Billy, on the other hand was from the South of the State, having been born in Newcastle (Toodyay). A labourer by trade, he was sentenced to three months imprisonment at Wadjemup for ‘supplying liquor to Aborigines’. Ten days after arriving Billy passed away and was returned to the mainland where he was buried at Fremantle Cemetery. He was 52 years old.
Unlike the previous century his was the only death on the Island after 1900 even though life-threatening epidemics occurred. Fewer prisoners, less cramped conditions, improved understandings and a weekly visit by a medical officer may have individually or collectively accounted for this. In almost all instances, the more serious cases were transferred to Fremantle Gaol Hospital and returned to the Island on recovering. There were two exceptions, Norman Gydgup (13685) who passed away in 1906 and Kaldoring alias Jackey (8216) who died the day he was due to be released in 1910. Both we buried in the Fremantle cemetery.
Memories of their country and loved ones were constantly on the minds of the prisoners. They continued to maintain their deep connection to their homelands through ceremonial observation. Fellow prisoners, unaccustomed to the different dances
and languages spoken, were invited to participate resulting in an exchange of cultural knowledge. Secular corroborees were staged for visiting dignitaries and government officials from time to time.
The manufacture of implements such as glass spear points and boomerangs was foreign to many prisoners. Though predominately utilised for hunting purposes the later were also used with great skill to the amazement of officials and the ever-increasing
Intricately carved wooden message sticks were also produced depicting a vast range of subjects ranging from the eventful journey to the island through to letters of love to family and intended wives. Such items were spirited ‘home’
by kinsmen as they were released.
Pearl shells too, gathered by the inmates were fashioned and utilized for personal adornment and ceremonial purposes. Meticulously inscribed, these valued possessions often ending up in the remotest part of the state, traded by the prisoners
on their return home.
Maitland Narrier (circa 1912-1978) has the distinction of being the last Aboriginal prisoner to be sent to Wadjemup in October 1931 and the last to leave on December 9. Arrested in the Moora area in August, for enticing an Aboriginal girl to leave
the Moore River Native Settlement, he was sentenced to six months imprisonment. The same girl would later become his wife.
Initially incarcerated at Fremantle Goal, he was transferred to Wadjemup three months later where he remained for seven weeks before returning to the mainland in mid- December to complete his sentence.
Prior to being jailed Narrier had lived an unblemished life. Raised and educated in the Moora area he attended the local school later gaining employment as a farm labourer. His family was well known throughout the area for their sporting ability.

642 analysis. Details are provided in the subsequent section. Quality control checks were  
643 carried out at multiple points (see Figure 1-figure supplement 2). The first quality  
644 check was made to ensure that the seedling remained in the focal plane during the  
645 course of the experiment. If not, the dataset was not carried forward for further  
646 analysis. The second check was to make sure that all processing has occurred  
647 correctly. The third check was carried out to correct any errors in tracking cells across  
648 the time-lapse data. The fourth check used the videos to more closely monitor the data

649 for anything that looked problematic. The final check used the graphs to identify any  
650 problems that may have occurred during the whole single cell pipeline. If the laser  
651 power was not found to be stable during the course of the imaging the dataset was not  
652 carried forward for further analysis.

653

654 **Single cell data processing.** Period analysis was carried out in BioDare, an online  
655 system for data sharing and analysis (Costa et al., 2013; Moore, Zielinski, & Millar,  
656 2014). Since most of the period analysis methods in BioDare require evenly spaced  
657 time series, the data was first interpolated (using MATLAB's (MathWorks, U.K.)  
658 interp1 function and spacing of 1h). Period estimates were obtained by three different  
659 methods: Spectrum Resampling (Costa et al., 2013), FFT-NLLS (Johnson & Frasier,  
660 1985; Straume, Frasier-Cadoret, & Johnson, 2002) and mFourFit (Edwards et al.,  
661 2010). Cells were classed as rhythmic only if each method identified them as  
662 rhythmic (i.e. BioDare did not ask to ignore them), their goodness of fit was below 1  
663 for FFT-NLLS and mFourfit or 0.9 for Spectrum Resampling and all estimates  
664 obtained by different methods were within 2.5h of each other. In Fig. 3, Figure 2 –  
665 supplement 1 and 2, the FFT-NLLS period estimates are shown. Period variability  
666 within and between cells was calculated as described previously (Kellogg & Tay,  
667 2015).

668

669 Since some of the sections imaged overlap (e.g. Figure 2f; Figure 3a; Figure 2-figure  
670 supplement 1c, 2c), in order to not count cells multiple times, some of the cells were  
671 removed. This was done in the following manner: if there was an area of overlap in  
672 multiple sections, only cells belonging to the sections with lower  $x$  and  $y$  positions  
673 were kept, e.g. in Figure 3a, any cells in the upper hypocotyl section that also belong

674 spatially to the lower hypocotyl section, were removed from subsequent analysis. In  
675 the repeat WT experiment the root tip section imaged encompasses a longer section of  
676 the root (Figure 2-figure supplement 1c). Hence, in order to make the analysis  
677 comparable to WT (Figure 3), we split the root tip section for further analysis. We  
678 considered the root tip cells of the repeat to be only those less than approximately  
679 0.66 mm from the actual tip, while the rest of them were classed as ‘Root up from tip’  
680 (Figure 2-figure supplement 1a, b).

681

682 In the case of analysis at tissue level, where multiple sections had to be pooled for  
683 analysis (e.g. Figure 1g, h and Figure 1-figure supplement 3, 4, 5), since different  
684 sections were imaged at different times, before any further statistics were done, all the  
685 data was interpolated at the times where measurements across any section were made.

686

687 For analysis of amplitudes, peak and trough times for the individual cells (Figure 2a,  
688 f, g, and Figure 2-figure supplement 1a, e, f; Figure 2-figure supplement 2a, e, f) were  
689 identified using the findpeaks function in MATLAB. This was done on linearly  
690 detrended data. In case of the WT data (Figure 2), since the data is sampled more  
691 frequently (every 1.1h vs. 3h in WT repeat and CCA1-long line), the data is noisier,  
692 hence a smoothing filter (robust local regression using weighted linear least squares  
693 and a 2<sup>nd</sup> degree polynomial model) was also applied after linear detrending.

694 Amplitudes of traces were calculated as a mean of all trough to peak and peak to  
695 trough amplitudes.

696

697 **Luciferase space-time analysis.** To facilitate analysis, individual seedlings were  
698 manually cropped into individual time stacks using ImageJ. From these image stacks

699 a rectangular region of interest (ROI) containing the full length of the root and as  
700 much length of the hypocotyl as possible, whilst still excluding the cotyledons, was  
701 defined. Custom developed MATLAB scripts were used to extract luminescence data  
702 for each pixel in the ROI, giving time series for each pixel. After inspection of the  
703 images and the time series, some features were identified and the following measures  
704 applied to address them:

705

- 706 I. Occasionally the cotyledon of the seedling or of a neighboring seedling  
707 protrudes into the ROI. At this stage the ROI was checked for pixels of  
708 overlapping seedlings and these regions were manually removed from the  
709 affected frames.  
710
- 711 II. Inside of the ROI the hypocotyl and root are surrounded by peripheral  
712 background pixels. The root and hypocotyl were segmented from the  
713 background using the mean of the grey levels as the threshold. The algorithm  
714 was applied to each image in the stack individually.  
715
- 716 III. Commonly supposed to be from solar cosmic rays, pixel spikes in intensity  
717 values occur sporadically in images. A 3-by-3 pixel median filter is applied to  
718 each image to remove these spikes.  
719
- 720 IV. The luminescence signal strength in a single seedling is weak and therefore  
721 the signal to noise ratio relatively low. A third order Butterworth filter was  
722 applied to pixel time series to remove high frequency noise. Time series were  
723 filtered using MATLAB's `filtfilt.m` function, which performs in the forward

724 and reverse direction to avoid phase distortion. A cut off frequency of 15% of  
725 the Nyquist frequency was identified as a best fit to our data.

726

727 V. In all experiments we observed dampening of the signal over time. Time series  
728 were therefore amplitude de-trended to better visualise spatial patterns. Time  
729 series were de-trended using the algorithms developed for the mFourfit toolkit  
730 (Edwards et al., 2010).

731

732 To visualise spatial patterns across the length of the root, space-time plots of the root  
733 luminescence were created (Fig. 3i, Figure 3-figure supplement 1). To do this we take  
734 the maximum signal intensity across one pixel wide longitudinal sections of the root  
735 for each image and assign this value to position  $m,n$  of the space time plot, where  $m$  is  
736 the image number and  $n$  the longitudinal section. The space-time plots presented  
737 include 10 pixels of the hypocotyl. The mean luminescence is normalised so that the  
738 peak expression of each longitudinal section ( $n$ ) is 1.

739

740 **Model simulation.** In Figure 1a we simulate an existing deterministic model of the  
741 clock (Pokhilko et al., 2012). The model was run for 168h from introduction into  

Two years after regaining his freedom Maitland married and together the couple spent much of their lives in the mid-west region where they reared their eight children.
Seeking to attain the ‘privileges’ denied him Maitland applied for and was granted citizenship in 1955, a former employer describing him as a “competent all-round farm worker.” Maitland Narrier passed away in 1978, aged 66. He is buried in the Moora cemetery.
On completion of their sentences the prisoners were provided with casual wear and escorted to Fremantle to begin the first stage of their journey home. Those from the Eastern Goldfields and Murchison were given the opportunity to return to their country by train while a boat passage was found for those from the Kimberley.
There were also others who were transferred from Wadjemup to serve out their sentences as trackers and assistants to the police and other government agencies across the State. Whilst the majority returned home a small number chose to remain where they had been employed. On completion of their sentences most were sent back to their places of conviction while a small number absconded beforehand and never came to the attention of the authorities again.
The Wadjemup of today is a far cry from the Wadjemup of the past. Gone are the cries of those who suffered while imprisoned on the island. Still visible are former prison buildings where injustice, indifference and death occurred.
Hidden from sight are the resting places of those who passed away unearthed during excavations, a stark reminder of a by-gone era.
From time to time the spirits of the deceased, as well as the survivors, have arisen from this land beyond the shore to haunt and taunt the community.
Though the Island was a source of fear in the past, the Aboriginal community is embracing the opportunity to engage and provide a voice for both remediation and recognition to heal the scares of the past and to determine how the Aboriginal story of
Wadjemup will be told.
The timeline below provides a brief chronology of the history of Wadjemup, from the pre-contact era, to its establishment as a prison and later an annex of Fremantle Prison, and onto Wadjemup today.